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Originally Posted by BG918 View Post
I noticed that on a recent visit to St Louis. Honest question, is there a more jarring divide anywhere else in the United States?
The divide between Detroit and the city of Grosse Pointe Park is pretty jarring. Detroit on the left, GPP on the right:
https://www.google.com/maps/place/Gr...!4d-82.9374159


cute little business district in Grosse Pointe Park:
https://www.google.com/maps/@42.3815...7i16384!8i8192


literally 2 blocks south as soon as you cross into Detroit:
https://www.google.com/maps/@42.3806...7i16384!8i8192


Also, this is a bit less stark, but there are two suburbs of Cincinnati right next to each other, divided by a train track: Wyoming is wealthy and beautiful, with a healthy little village main street:
https://www.google.com/maps/@39.2272...7i16384!8i8192

The other side of the tracks is Lockland, which is much poorer and industrial. Race is part of it, but Lockland has historically been home to a large Appalachian community, so this isn't totally a story of race-based redlining. But the other side of the tracks feels like a totally different world from Wyoming:
https://www.google.com/maps/@39.2272...7i16384!8i8192

Last edited by edale; Jul 27, 2020 at 5:39 PM.
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Old Posted Jul 27, 2020, 5:40 PM
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Originally Posted by JManc View Post
I read that the McCloskey's mansion was 'only' worth about a million. Even here in Houston, it would probably be worth 5x as much.
Well if it was in St. Charles (STL suburb) I would assume it would be worth 5x as much there too.
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Old Posted Jul 27, 2020, 7:03 PM
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Originally Posted by IWant2BeInSTL View Post
i would imagine you can find similar thresholds in Detroit, Baltimore, and Chicago but i don't have any data to submit.
Can't think of anything quite so stark in Chicago... the closest I can think of are Drexel Ave in Kenwood, Austin Blvd. between Oak Park and Austin and the BNSF line between North and South Lawndale, but it's not as apparent from above.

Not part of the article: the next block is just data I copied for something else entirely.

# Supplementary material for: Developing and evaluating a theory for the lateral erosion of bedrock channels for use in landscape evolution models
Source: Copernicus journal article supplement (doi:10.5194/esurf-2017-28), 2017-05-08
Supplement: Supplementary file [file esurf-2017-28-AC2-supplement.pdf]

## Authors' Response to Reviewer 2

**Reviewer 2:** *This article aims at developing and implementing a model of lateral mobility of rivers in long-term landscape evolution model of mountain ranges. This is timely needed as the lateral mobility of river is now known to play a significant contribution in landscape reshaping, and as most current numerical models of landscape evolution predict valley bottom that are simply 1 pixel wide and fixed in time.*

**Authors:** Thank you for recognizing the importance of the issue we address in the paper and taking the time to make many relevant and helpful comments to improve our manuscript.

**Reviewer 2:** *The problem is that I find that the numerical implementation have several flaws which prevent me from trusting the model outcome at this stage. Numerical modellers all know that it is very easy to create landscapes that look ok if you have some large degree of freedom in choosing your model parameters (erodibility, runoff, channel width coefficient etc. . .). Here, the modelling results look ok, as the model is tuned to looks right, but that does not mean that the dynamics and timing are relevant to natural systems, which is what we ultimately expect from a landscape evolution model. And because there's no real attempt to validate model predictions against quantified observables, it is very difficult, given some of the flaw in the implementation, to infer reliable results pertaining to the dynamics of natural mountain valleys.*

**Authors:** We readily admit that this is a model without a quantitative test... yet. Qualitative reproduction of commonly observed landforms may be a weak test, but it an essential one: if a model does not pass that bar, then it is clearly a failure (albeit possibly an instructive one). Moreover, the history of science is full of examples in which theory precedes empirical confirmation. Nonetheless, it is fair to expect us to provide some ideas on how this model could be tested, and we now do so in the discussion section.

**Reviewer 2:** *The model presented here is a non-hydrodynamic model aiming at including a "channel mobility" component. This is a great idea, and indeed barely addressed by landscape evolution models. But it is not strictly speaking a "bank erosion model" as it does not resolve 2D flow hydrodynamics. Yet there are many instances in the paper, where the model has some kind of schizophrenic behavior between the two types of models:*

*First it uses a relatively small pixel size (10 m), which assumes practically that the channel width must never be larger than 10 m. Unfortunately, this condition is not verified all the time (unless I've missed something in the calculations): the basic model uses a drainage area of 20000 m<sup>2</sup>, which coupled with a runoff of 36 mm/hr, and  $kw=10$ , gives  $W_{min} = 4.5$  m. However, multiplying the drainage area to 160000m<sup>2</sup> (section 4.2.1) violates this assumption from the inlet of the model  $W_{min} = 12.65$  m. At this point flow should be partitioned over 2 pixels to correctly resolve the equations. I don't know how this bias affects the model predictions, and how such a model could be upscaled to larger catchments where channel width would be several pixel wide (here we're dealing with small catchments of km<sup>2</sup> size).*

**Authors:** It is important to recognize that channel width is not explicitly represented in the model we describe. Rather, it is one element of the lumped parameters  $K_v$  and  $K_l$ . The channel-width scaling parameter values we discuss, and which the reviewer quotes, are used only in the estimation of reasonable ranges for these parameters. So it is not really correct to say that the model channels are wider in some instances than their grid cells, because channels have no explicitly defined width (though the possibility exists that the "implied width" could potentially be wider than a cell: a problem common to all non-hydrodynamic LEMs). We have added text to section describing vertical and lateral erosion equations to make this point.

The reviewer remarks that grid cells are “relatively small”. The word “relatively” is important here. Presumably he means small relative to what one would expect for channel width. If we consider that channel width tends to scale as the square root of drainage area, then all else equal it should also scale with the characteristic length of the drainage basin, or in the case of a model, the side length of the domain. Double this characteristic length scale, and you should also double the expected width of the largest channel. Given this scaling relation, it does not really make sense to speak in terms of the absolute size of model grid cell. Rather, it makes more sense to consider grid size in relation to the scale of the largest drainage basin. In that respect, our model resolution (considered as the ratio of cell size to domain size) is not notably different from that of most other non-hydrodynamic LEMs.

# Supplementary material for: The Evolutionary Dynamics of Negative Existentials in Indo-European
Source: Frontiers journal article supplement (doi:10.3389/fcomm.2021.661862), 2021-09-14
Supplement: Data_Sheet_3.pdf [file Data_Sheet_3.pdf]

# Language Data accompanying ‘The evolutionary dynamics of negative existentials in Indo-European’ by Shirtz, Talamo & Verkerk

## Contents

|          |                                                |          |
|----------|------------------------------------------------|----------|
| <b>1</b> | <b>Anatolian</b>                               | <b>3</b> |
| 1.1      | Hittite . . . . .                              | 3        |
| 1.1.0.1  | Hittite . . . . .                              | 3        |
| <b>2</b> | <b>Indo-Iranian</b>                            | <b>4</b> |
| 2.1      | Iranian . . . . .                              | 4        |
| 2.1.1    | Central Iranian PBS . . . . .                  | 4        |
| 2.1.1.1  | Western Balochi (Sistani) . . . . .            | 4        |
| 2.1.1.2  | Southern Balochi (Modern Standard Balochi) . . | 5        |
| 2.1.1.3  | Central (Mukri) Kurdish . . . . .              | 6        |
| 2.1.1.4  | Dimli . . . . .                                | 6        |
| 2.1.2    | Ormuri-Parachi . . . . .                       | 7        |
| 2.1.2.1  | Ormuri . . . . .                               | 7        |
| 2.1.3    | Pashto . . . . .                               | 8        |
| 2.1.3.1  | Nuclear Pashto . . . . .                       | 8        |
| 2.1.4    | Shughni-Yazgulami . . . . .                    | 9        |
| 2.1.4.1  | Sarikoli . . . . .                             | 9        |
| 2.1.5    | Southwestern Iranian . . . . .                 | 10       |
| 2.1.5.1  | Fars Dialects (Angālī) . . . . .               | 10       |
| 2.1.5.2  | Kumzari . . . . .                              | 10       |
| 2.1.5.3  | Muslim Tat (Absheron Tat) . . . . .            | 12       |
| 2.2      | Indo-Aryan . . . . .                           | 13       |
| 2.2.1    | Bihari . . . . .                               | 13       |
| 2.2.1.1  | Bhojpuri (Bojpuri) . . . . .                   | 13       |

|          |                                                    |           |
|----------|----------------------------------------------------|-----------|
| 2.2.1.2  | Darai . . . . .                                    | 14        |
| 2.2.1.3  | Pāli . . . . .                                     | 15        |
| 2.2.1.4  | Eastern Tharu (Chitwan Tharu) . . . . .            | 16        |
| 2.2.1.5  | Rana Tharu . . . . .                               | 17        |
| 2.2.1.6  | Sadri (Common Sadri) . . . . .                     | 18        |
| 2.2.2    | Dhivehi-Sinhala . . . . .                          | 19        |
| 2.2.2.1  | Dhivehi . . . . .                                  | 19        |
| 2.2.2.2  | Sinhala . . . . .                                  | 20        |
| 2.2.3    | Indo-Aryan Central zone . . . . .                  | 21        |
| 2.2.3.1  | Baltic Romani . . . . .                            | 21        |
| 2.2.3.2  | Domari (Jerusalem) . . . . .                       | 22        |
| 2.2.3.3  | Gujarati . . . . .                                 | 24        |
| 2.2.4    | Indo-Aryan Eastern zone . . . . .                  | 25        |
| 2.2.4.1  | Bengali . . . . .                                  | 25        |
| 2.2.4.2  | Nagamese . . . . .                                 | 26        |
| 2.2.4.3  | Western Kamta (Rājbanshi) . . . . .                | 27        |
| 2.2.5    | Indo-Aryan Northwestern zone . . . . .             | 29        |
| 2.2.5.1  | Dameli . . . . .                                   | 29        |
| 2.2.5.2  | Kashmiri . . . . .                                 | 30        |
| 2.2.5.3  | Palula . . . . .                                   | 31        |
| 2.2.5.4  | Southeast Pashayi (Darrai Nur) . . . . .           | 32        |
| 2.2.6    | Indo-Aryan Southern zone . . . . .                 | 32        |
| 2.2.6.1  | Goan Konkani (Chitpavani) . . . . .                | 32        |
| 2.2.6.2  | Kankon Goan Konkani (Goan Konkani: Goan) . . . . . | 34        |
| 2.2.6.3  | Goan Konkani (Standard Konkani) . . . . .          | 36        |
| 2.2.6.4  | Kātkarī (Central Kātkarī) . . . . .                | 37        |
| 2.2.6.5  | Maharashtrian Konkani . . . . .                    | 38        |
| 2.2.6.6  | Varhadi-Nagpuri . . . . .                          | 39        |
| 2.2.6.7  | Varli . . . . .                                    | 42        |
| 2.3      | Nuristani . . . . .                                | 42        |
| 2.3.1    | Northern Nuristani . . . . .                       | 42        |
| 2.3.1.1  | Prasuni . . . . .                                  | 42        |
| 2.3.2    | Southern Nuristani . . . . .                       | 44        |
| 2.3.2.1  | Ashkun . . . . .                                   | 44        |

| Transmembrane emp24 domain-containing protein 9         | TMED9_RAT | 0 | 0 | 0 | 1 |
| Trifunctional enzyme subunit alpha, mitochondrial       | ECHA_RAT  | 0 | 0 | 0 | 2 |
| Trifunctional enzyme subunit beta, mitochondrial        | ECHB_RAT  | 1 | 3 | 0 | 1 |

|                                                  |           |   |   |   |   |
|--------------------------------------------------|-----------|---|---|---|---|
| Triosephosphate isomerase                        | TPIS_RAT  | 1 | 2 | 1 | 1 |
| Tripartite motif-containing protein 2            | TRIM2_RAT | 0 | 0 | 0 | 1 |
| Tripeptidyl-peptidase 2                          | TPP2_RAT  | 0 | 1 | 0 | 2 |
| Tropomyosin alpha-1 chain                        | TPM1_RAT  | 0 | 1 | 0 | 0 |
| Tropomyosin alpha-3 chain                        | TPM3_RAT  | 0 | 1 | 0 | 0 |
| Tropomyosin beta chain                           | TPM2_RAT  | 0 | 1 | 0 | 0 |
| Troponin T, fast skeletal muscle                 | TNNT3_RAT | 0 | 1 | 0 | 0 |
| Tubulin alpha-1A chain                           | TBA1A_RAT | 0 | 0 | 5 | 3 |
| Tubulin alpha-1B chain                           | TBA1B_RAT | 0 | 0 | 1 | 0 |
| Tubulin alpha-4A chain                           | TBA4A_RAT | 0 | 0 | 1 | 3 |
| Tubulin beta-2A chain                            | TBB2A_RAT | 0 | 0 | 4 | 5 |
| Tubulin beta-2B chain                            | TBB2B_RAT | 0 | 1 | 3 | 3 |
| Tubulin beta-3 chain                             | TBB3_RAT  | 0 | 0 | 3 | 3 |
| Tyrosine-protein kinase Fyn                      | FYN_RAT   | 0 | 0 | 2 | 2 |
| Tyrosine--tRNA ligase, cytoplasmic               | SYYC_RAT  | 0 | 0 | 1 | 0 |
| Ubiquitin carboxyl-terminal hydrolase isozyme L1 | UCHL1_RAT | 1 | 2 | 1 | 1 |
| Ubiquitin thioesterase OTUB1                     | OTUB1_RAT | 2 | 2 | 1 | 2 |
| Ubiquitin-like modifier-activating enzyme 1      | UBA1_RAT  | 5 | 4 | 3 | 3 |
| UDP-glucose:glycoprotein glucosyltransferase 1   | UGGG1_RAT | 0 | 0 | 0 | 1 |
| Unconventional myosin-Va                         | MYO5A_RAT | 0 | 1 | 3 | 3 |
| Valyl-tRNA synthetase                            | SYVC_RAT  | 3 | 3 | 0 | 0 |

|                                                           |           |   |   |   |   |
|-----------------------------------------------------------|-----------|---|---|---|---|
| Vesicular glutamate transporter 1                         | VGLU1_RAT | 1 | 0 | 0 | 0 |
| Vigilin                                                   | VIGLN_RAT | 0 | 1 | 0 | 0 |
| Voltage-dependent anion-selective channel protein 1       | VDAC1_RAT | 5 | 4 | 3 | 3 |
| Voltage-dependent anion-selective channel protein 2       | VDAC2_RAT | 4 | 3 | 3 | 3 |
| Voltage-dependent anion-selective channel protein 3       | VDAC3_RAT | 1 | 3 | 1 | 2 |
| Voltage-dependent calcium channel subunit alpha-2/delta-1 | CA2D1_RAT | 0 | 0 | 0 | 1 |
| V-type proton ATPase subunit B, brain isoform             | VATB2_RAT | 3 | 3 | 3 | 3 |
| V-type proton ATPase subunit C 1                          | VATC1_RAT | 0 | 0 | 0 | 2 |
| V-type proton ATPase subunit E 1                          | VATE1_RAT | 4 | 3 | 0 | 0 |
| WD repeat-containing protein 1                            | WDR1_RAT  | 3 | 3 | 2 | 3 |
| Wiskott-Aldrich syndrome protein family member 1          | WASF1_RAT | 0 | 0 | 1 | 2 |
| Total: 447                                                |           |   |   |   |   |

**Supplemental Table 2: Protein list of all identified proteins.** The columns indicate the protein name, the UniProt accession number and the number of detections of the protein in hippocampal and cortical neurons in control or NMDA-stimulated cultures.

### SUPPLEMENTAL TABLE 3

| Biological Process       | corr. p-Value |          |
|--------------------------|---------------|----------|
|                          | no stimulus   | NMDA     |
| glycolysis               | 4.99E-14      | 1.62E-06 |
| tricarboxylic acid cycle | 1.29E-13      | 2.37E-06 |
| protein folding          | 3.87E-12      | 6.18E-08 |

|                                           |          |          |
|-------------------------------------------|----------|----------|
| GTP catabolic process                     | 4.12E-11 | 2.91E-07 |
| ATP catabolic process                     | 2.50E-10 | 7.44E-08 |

Here's where Austin meets Oak Park:
https://www.google.com/maps/@41.8947...7i16384!8i8192
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Old Posted Jul 27, 2020, 10:01 PM
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That type of divide exists in Cleveland too - between the suburb of Shaker Hts and the city of Cleveland. Shaker Hts (and the neighboring areas of Cleveland Hts) would be our equivalent to the Central West End. The differences are much less stark viewed from the air on google maps, as the Cleveland neighborhoods are pretty intact - but the racial/wealth/health divides are extreme. The MSA census tracts with the highest and lowest life expectancy are literally bordering eachother here. Shaker doesn't have any private streets like that, but the city did go as far as physically block off the city from Cleveland along Scottsdale Blvd.
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Old Posted Jul 27, 2020, 10:04 PM
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Old Posted Jul 27, 2020, 10:05 PM
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Can't think of anything quite so stark in Chicago... the closest I can think of are Drexel Ave in Kenwood, Austin Blvd. between Oak Park and Austin and the BNSF line between North and South Lawndale, but it's not as apparent from above.


Here's where Austin meets Oak Park:
https://www.google.com/maps/@41.8947...7i16384!8i8192
yeah maybe not a specific road, but there are some very rough/dilapidated neighborhoods in Chicago so there must be some sort boundary. i mean, a quick google search of "bad neighborhoods Chicago" brings up plenty of pics that look a lot like N. STL to me.

also, can't believe I forgot to mention Philly. i could not believe the condition of some West Philly neighborhoods that i walked through. difference is, their stuff is still (barely) standing, whereas much of N. STL has been cleared.
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Old Posted Jul 27, 2020, 10:10 PM
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Since when are gated communities which own and maintain their own streets anything new in America?

The problem for this neighborhood in St. Louis was the gates weren't guarded by humans and there was no one to respond when the "protestors" (i.e rioters) crashed through them other than individual homeowners.

But this is what happens when the cops stop doing their job: vigilante justice. And we are going to have more of it. But IMHO there's no way those people who broke down a gate and entered private property can be called "peaceful" and I'd love to be on the jury when the St. Louis prosecutor tries to lable them such.